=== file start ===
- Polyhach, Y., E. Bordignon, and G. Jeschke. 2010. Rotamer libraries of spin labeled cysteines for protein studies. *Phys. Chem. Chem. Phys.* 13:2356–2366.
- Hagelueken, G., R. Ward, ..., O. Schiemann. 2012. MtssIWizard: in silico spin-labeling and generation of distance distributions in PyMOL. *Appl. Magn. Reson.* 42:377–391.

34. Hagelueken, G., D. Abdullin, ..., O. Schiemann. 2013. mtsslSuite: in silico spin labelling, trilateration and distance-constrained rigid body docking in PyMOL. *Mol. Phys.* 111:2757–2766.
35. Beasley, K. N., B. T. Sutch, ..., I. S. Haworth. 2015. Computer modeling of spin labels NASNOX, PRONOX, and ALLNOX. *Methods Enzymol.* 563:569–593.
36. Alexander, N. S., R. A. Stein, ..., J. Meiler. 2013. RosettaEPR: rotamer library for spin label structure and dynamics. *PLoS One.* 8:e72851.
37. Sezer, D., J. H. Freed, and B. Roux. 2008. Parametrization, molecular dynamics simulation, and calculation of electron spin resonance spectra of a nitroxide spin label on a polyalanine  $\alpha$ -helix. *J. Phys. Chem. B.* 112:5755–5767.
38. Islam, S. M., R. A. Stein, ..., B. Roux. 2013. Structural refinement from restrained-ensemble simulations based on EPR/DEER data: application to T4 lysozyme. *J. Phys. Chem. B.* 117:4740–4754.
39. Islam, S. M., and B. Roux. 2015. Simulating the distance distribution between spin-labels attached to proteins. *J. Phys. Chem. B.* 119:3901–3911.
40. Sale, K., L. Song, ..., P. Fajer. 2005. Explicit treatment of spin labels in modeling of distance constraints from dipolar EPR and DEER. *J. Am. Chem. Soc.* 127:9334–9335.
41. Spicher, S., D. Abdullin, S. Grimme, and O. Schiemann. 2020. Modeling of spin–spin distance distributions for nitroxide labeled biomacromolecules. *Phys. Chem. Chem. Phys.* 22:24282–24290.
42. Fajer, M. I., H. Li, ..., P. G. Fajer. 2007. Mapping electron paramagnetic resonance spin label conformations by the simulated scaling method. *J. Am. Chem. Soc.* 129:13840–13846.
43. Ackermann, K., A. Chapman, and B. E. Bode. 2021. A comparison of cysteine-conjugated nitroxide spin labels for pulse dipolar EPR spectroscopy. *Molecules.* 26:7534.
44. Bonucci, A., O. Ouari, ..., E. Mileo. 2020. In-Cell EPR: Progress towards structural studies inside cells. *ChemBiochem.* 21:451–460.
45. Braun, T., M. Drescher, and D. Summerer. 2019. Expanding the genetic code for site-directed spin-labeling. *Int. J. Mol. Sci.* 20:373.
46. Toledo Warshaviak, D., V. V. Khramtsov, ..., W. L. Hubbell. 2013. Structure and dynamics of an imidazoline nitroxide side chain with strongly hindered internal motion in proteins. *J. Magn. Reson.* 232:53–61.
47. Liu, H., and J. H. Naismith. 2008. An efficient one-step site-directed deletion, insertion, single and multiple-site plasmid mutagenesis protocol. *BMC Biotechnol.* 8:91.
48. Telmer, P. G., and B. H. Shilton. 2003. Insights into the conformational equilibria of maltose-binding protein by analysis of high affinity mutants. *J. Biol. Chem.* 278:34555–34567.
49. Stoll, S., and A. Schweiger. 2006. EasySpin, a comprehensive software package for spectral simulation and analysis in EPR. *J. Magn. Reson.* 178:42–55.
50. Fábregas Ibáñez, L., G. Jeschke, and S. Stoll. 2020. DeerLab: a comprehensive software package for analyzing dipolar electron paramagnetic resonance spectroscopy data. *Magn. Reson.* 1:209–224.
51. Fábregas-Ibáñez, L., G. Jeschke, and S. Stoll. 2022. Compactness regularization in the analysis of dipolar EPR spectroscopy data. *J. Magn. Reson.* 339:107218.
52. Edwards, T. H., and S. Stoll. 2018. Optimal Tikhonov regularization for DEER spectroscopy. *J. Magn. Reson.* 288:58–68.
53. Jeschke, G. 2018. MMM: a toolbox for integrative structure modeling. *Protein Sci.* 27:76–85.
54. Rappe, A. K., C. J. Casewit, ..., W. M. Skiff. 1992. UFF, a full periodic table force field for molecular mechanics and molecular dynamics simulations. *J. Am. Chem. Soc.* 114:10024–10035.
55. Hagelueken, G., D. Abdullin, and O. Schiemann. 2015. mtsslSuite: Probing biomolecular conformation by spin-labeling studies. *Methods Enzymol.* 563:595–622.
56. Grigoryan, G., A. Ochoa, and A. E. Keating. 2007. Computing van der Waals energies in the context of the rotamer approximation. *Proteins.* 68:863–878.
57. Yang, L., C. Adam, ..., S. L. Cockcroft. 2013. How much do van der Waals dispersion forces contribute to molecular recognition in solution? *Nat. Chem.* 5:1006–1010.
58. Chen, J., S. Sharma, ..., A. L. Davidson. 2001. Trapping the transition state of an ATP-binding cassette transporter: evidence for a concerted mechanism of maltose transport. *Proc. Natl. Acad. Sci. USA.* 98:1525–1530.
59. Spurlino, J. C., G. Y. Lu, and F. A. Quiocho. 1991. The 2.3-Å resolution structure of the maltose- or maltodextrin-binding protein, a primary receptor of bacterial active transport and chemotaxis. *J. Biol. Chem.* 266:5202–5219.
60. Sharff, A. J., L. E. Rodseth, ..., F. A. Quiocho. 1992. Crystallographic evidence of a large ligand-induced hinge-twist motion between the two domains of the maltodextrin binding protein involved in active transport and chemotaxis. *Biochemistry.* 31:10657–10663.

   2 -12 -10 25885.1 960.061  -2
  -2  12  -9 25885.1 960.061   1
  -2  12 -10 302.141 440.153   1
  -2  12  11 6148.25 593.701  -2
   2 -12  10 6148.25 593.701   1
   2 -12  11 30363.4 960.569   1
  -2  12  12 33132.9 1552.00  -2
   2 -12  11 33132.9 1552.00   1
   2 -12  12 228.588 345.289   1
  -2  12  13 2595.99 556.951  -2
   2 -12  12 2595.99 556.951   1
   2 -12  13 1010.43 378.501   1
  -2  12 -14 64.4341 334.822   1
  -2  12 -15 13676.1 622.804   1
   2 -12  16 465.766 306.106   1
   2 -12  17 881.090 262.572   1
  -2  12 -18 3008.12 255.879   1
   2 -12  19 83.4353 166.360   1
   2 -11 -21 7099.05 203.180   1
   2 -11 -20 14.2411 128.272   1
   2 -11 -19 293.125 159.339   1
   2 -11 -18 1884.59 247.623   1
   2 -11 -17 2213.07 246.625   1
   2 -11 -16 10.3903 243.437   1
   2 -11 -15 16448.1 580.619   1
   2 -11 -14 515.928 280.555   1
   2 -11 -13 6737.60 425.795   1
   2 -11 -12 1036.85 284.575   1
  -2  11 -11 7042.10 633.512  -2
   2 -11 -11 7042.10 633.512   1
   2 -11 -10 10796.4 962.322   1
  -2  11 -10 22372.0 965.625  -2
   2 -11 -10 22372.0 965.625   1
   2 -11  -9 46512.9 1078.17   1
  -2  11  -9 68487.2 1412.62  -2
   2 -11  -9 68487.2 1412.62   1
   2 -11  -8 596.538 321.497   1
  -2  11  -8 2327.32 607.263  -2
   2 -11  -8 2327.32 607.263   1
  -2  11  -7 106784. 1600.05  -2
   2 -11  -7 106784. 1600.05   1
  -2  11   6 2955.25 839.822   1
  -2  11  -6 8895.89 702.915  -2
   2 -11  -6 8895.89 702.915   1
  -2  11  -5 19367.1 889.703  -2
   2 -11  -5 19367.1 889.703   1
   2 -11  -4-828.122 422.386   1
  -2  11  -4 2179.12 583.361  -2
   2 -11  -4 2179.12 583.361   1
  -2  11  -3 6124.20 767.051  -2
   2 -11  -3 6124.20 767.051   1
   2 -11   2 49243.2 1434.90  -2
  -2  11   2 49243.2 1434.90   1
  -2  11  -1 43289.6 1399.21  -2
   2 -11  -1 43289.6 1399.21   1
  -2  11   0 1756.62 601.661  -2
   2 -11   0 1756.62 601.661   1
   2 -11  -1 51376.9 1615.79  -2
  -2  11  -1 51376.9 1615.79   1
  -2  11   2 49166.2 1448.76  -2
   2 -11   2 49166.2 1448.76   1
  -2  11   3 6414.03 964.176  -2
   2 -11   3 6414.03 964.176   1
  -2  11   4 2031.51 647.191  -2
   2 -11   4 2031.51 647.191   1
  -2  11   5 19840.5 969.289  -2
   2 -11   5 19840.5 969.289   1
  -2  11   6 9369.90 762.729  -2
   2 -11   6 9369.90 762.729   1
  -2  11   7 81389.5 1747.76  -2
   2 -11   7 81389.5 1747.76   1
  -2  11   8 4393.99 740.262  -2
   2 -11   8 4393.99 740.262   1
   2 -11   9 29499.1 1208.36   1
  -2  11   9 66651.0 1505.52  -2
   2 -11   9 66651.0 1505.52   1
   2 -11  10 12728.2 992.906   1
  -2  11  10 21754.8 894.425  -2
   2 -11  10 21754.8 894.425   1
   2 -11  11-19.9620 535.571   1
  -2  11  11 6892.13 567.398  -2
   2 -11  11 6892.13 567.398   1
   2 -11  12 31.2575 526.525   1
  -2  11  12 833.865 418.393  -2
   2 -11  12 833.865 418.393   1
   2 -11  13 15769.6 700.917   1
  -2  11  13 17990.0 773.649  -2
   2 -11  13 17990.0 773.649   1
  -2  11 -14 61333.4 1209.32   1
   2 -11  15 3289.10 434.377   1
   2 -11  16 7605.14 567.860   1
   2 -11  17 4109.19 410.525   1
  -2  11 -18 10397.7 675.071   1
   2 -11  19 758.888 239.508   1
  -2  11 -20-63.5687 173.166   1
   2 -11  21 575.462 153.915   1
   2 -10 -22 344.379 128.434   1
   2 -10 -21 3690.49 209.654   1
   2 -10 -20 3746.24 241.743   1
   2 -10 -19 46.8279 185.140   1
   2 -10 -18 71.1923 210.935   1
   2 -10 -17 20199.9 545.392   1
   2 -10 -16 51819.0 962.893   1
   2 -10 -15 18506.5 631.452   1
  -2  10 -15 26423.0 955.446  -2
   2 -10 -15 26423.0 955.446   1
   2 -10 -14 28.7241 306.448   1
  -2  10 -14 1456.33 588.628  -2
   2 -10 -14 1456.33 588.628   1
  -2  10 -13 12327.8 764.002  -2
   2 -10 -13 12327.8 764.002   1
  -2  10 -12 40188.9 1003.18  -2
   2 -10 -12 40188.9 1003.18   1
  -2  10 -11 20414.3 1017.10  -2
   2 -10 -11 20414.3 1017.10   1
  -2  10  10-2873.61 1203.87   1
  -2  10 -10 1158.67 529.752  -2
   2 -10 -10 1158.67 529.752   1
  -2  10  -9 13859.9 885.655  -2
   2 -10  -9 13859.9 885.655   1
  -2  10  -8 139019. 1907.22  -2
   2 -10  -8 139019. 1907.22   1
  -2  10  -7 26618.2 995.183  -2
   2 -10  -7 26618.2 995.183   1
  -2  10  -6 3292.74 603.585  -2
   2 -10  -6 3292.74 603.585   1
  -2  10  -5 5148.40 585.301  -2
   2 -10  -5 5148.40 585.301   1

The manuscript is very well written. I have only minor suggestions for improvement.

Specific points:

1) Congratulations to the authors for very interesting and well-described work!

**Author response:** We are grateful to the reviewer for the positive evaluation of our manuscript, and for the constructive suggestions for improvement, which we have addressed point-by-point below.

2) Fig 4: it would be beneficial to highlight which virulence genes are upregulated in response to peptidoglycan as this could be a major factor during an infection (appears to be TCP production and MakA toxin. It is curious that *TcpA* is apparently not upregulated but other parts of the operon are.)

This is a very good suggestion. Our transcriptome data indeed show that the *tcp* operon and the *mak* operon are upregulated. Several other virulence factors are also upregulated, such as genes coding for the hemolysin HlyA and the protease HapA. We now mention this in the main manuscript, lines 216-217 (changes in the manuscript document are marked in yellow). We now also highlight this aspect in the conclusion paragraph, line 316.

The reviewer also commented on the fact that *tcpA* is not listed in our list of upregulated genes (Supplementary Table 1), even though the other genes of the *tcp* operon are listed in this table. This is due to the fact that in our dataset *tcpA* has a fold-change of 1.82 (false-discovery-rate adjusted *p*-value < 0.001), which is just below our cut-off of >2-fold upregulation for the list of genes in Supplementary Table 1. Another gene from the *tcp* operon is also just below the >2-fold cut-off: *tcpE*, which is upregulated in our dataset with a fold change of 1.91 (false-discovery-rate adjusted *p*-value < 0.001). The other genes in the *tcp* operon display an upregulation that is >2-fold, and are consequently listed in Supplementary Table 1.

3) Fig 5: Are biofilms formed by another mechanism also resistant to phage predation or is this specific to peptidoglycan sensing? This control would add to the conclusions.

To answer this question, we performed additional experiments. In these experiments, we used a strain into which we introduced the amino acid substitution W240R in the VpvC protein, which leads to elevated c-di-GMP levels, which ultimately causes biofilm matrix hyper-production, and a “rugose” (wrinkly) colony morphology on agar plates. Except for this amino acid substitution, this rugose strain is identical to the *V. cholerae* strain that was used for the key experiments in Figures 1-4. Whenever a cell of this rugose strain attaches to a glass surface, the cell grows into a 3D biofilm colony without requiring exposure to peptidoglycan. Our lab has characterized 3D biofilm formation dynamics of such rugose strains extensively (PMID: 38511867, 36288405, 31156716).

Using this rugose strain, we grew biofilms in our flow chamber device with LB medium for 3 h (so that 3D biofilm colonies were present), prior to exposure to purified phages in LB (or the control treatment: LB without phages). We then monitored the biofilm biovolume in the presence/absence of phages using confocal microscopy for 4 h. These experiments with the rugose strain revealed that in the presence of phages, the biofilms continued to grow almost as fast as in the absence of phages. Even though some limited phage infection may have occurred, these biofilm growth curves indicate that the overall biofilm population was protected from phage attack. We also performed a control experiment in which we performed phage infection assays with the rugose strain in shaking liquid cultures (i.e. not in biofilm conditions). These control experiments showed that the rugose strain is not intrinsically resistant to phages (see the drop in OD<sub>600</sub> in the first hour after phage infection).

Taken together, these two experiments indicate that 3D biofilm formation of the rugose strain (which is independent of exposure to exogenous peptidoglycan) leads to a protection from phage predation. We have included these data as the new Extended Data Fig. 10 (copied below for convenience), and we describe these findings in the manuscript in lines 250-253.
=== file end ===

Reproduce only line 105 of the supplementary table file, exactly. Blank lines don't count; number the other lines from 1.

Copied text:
   2 -11   9 66651.0 1505.52   1